CHILDREN caught in violent family break-ups gain stronger protection under proposed amendments to the Family Law Act released yesterday by federal Attorney-General Robert McClelland.

But the proposed changes leave in place the presumption of equal shared parenting responsibility and the obligation to consider equal time with both parents that some critics wanted removed from the act.

The mooted amendments are in response to several reports commissioned by the government on aspects of family law.

''The reports illustrate that the family law system has some way to go in effectively responding to issues relating to family violence,'' Mr McClelland said.

Under the proposals, family law courts would give greater weight to the protection of children from harm, above the benefit of the children having a meaningful relationship with both parents, where family violence was a concern.

The apparent equal weighting given to both considerations in deciding a child's best interest has attracted criticism.

The Family Law Council suggested that giving greater attention to the benefit of a child having a relationship with each parent might not be in the best interests of the child.

Mothers' groups have argued that children have been forced to see violent fathers, or even fathers who have been jailed for sex offences.

The draft bill also proposes a comprehensive definition of family violence that recognises it can take the form of physical assault, harassment, emotional manipulation, financial abuse or threatening behaviour.

It also proposes a wider definition of abuse of a child to include non-accidental physical injury and psychological abuse, including exposure to family violence and neglect.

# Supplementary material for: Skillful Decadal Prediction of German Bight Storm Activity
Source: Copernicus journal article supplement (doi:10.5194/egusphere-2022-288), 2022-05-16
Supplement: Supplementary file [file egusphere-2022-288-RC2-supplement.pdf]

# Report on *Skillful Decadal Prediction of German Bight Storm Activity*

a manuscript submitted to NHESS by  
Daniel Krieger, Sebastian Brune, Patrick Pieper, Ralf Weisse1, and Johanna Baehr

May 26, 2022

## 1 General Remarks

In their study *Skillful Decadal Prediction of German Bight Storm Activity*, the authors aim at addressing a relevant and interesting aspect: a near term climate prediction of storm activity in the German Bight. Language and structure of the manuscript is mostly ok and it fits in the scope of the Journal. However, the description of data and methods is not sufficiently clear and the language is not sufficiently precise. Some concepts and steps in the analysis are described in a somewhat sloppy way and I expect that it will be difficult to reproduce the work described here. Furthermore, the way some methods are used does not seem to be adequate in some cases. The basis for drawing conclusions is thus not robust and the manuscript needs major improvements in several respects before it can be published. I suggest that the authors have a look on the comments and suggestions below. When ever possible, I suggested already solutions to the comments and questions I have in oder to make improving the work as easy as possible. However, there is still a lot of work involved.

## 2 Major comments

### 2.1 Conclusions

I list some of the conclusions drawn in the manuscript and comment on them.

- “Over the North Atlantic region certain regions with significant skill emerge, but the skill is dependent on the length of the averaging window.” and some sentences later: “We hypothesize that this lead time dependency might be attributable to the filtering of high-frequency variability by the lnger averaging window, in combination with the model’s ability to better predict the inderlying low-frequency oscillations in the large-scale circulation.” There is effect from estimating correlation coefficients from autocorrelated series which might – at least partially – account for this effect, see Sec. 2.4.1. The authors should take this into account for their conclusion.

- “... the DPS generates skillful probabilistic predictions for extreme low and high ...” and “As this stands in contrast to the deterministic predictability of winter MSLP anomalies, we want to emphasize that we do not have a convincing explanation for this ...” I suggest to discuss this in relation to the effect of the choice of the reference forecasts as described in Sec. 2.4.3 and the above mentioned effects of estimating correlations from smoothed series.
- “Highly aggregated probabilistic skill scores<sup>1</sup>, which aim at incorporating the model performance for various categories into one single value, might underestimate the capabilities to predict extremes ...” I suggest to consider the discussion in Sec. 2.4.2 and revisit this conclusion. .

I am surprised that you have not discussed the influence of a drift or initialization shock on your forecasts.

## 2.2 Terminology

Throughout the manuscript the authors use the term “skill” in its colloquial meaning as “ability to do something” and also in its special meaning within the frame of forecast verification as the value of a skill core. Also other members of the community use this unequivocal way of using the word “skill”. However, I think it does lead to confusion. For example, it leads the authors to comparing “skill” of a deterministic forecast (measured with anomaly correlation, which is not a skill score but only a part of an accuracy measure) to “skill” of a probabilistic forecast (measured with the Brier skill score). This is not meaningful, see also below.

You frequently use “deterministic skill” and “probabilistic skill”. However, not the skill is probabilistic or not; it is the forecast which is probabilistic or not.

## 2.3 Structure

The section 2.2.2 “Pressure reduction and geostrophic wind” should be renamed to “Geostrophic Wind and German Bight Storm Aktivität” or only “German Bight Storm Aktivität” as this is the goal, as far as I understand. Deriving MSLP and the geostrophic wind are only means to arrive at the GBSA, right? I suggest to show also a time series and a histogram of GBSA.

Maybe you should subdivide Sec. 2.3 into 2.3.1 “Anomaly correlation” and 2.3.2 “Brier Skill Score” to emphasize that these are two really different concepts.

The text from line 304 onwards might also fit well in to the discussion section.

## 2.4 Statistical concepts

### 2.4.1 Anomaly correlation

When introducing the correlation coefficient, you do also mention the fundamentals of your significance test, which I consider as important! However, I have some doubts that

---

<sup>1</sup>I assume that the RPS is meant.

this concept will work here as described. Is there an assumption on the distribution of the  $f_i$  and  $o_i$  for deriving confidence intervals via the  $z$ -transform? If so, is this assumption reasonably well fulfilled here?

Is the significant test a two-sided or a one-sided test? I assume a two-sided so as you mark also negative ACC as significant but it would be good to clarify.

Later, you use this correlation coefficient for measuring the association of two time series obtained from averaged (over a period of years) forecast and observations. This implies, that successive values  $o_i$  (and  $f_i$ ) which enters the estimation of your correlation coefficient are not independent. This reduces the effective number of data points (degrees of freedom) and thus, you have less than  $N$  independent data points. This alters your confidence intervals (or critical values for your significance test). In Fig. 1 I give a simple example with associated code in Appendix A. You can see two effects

The Attorney-General did not accept the radical change proposed in a commissioned report by former Family Court judge Richard Chisholm to allow judges to decide outcomes for children based solely on what was in their best interest. His report said current law ''nudged'' judges towards the prescribed outcomes of awarding parents shared responsibility for major decisions, and of having to consider children spending equal or substantial time with each parent.

However, some of his other recommendations have been adopted in the draft bill, including the deletion of the ''friendly'' parent provision, which obliged judges to have regard to whether a parent encouraged the child's relationship with the other parent. Some parents were afraid to raise claims of violence in case they were considered ''unfriendly'' parents and were punished.

In addition under the draft, parents would no longer have cost orders made against them for making false allegations or statements. This provision deterred many parents from raising truthful claims in case the court did not believe them.

Another significant change would be greater responsibility on lawyers, counsellors and other advisers to encourage parents to prioritise protection of children from harm. Currently, they have an obligation to encourage shared parental responsibility and equal time.

A surprise is the mooted inclusion of the UN Convention on the Rights of the Child as a new object of the act.

Submissions on the changes close on January 14. A copy of the draft bill is available on the Attorney-General's website.